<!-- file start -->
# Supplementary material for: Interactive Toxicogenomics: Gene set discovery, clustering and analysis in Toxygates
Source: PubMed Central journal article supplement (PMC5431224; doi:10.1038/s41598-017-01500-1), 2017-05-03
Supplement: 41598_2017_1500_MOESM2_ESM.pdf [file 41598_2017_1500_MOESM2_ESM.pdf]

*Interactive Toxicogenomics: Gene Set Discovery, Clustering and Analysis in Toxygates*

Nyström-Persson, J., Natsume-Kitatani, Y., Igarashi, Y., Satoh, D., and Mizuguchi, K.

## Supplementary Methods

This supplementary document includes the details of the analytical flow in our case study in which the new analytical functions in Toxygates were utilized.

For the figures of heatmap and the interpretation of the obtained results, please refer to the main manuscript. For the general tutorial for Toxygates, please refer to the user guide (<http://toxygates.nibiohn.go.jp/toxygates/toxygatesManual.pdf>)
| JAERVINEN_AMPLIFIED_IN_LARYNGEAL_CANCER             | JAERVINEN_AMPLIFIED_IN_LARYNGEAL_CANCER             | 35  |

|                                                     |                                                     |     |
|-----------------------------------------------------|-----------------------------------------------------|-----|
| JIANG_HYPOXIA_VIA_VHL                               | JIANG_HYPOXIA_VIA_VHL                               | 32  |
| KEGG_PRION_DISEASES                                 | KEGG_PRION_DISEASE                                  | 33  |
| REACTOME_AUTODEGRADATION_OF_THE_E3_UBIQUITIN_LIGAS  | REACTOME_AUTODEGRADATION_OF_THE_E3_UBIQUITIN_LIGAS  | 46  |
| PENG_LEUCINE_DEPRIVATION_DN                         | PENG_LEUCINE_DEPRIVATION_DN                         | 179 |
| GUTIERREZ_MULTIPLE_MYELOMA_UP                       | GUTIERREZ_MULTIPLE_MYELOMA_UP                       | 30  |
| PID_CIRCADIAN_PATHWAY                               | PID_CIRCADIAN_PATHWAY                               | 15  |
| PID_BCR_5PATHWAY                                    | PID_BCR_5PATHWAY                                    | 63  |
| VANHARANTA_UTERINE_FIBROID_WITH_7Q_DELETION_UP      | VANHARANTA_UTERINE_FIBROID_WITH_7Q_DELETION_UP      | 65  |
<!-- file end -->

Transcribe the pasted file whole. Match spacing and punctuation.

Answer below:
# Supplementary material for: Interactive Toxicogenomics: Gene set discovery, clustering and analysis in Toxygates
Source: PubMed Central journal article supplement (PMC5431224; doi:10.1038/s41598-017-01500-1), 2017-05-03
Supplement: 41598_2017_1500_MOESM2_ESM.pdf [file 41598_2017_1500_MOESM2_ESM.pdf]

*Interactive Toxicogenomics: Gene Set Discovery, Clustering and Analysis in Toxygates*

Nyström-Persson, J., Natsume-Kitatani, Y., Igarashi, Y., Satoh, D., and Mizuguchi, K.

## Supplementary Methods

This supplementary document includes the details of the analytical flow in our case study in which the new analytical functions in Toxygates were utilized.

For the figures of heatmap and the interpretation of the obtained results, please refer to the main manuscript. For the general tutorial for Toxygates, please refer to the user guide (<http://toxygates.nibiohn.go.jp/toxygates/toxygatesManual.pdf>)
| JAERVINEN_AMPLIFIED_IN_LARYNGEAL_CANCER             | JAERVINEN_AMPLIFIED_IN_LARYNGEAL_CANCER             | 35  |

|                                                     |                                                     |     |
|-----------------------------------------------------|-----------------------------------------------------|-----|
| JIANG_HYPOXIA_VIA_VHL                               | JIANG_HYPOXIA_VIA_VHL                               | 32  |
| KEGG_PRION_DISEASES                                 | KEGG_PRION_DISEASE                                  | 33  |
| REACTOME_AUTODEGRADATION_OF_THE_E3_UBIQUITIN_LIGAS  | REACTOME_AUTODEGRADATION_OF_THE_E3_UBIQUITIN_LIGAS  | 46  |
| PENG_LEUCINE_DEPRIVATION_DN                         | PENG_LEUCINE_DEPRIVATION_DN                         | 179 |
| GUTIERREZ_MULTIPLE_MYELOMA_UP                       | GUTIERREZ_MULTIPLE_MYELOMA_UP                       | 30  |
| PID_CIRCADIAN_PATHWAY                               | PID_CIRCADIAN_PATHWAY                               | 15  |
| PID_BCR_5PATHWAY                                    | PID_BCR_5PATHWAY                                    | 63  |
| VANHARANTA_UTERINE_FIBROID_WITH_7Q_DELETION_UP      | VANHARANTA_UTERINE_FIBROID_WITH_7Q_DELETION_UP      | 65  |